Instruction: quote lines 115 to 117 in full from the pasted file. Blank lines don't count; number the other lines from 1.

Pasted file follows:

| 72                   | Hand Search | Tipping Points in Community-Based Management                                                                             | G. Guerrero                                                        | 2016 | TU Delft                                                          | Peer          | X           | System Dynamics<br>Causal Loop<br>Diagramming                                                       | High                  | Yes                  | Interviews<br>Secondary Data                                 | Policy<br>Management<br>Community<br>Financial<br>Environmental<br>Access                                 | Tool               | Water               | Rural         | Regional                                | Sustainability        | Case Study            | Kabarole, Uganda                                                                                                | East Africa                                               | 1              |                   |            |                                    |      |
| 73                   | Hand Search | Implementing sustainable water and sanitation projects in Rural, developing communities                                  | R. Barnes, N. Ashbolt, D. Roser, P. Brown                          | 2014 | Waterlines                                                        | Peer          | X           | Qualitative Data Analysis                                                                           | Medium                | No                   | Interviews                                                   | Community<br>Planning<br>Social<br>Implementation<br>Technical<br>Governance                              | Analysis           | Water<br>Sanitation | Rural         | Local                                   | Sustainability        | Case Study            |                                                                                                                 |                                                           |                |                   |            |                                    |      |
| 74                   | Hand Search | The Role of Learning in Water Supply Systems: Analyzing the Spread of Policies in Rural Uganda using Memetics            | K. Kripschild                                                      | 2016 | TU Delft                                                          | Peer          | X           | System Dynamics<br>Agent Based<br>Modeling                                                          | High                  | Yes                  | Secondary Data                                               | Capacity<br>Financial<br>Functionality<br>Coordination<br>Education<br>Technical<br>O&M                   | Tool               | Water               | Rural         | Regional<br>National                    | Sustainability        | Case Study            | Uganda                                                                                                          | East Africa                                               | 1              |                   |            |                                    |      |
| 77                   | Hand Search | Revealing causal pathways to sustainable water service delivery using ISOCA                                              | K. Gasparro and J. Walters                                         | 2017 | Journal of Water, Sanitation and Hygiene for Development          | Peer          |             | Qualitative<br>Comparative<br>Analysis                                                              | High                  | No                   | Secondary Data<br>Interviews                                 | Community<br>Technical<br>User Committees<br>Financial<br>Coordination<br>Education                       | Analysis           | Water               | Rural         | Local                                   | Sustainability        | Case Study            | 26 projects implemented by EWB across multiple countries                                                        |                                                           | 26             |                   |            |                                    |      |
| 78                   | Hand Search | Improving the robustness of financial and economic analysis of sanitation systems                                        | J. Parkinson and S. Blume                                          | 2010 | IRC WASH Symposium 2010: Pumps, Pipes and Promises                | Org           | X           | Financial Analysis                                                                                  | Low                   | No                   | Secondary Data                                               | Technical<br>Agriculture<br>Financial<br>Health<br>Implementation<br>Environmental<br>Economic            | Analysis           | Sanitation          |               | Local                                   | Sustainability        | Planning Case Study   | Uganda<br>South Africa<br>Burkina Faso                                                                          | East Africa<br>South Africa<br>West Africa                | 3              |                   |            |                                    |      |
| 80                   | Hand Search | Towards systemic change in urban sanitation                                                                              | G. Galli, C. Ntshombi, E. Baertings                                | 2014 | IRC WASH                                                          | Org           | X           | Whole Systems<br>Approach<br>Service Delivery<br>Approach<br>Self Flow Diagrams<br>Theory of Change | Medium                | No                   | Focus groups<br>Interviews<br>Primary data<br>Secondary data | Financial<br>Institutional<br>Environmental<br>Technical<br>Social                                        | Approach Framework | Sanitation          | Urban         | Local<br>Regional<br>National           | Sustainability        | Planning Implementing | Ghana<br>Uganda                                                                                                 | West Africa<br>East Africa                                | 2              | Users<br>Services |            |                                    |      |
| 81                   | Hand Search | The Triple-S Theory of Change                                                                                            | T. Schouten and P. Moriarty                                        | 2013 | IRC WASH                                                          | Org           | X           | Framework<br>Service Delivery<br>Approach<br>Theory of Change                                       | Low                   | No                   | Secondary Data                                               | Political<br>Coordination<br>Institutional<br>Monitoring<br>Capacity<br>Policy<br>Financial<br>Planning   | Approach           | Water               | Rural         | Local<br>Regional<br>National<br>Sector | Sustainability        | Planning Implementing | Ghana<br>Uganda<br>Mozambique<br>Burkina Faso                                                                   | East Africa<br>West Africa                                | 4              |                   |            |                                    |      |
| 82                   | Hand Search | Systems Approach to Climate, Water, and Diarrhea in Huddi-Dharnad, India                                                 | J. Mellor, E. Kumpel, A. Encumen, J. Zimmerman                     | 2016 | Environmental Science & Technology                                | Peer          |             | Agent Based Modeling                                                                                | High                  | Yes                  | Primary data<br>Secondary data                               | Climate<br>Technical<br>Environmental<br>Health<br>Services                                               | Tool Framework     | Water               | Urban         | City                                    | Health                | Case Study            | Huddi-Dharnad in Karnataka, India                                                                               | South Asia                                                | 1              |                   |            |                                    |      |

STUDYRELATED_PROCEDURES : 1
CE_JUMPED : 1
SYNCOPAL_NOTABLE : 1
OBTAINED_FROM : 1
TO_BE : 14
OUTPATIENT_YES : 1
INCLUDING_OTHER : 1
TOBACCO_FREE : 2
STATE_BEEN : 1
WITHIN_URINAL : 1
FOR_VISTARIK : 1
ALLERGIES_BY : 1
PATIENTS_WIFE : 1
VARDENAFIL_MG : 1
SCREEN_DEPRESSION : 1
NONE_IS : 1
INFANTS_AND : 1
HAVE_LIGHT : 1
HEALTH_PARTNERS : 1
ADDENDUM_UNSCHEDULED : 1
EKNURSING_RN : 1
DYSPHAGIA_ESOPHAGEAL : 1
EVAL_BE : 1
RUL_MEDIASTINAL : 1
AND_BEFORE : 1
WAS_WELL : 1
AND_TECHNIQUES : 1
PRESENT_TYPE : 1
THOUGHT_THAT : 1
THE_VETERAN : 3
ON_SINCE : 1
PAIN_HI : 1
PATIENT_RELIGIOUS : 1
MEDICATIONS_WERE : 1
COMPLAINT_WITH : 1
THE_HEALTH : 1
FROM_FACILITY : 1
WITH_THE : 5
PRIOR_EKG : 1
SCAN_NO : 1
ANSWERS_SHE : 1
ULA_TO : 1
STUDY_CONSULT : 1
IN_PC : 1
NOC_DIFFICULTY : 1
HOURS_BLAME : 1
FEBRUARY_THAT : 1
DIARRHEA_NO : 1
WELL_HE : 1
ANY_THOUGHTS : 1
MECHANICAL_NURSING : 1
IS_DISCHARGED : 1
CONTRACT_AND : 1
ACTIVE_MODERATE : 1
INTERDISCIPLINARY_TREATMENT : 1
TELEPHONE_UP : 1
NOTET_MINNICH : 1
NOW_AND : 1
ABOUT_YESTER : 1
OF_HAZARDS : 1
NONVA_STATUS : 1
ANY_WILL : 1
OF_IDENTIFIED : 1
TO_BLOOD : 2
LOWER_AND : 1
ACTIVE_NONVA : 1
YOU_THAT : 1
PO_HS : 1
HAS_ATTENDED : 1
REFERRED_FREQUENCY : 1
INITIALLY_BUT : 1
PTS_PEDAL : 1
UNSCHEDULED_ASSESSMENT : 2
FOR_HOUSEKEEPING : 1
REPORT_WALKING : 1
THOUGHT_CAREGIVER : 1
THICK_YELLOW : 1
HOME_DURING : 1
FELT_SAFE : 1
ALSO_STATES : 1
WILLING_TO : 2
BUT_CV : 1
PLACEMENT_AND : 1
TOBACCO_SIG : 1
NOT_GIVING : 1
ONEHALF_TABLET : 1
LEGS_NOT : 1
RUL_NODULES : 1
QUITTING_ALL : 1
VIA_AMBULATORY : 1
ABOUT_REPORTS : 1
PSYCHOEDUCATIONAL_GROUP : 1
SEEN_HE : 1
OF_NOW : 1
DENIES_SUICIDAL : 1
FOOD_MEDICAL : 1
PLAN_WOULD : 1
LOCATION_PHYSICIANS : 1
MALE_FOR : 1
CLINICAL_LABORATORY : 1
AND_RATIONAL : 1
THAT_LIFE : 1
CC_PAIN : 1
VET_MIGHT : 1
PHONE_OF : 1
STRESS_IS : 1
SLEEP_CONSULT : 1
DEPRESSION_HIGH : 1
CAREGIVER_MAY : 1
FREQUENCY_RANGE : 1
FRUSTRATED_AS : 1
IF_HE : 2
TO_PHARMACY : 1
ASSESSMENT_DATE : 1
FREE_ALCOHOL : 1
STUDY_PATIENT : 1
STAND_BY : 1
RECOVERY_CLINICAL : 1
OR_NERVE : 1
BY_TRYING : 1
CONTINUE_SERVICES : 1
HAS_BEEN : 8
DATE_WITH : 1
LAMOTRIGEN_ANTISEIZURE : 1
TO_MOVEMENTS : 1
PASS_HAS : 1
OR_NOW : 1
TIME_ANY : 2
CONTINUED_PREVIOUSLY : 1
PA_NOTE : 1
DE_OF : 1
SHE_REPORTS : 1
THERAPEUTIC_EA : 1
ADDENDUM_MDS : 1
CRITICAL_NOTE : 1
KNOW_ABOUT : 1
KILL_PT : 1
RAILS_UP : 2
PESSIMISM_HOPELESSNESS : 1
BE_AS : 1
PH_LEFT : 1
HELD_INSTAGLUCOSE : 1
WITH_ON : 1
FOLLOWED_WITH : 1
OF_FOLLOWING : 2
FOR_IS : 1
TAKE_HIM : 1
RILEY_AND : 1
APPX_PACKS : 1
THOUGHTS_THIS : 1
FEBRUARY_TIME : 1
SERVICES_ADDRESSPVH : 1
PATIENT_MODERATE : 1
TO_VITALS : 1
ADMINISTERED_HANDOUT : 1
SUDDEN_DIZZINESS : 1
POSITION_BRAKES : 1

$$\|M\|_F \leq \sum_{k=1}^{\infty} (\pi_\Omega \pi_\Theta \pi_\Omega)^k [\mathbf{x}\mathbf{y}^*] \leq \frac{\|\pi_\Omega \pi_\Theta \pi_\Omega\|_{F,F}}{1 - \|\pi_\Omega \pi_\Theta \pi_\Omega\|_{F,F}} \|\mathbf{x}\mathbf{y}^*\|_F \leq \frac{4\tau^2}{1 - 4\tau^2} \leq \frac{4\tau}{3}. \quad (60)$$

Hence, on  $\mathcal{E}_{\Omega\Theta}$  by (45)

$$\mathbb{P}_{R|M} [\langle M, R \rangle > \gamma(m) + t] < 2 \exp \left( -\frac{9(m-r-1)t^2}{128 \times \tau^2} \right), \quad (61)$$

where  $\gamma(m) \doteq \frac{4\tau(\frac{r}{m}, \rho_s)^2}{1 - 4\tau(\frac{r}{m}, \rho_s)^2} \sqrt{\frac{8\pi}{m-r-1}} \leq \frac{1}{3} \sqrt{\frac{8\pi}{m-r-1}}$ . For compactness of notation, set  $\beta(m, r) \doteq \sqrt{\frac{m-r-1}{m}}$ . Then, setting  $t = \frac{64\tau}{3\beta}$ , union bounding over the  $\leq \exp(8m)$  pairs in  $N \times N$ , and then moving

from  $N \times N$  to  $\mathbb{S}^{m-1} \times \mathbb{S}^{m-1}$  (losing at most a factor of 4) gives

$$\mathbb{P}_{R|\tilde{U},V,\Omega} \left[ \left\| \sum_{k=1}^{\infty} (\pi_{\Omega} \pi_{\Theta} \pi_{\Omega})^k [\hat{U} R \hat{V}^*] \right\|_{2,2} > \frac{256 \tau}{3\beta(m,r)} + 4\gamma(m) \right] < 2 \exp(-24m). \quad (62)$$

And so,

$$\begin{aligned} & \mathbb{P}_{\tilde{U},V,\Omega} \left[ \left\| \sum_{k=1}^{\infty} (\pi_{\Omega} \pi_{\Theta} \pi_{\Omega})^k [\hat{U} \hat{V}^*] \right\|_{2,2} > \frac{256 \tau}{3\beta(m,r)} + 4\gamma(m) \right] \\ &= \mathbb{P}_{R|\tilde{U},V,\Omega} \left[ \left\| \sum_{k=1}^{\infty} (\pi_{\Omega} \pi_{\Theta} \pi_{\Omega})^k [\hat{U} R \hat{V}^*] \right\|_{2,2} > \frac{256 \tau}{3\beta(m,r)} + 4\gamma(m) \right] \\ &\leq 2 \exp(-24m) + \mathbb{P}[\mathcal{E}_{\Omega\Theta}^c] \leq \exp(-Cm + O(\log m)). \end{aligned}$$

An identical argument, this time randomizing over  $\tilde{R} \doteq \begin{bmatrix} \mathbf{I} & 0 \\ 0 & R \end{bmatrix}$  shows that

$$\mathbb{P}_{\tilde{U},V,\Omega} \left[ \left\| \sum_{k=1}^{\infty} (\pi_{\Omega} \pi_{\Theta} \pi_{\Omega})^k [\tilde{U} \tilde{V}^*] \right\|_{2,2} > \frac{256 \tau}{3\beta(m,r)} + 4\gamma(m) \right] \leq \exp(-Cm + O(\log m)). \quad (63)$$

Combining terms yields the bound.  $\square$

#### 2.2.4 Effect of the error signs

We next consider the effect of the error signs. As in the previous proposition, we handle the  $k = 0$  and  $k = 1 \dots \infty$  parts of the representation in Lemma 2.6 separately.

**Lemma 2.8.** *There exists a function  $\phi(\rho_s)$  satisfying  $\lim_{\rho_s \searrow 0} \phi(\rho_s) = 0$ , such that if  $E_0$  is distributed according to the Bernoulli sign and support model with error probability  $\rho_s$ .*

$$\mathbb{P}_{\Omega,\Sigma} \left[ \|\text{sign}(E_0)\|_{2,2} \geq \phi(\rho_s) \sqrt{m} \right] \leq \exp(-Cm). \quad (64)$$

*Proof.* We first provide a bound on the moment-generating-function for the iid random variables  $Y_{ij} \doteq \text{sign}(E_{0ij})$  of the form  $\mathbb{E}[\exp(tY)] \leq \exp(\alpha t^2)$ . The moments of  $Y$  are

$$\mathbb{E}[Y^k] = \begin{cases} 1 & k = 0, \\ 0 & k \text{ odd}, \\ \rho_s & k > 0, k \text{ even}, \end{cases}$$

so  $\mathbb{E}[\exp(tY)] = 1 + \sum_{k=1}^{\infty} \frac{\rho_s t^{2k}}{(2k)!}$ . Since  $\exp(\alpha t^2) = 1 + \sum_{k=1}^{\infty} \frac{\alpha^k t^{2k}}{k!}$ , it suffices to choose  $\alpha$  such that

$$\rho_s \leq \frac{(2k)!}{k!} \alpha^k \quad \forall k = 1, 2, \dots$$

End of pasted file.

SLEEP_CONSULT : 1
DEPRESSION_HIGH : 1
CAREGIVER_MAY : 1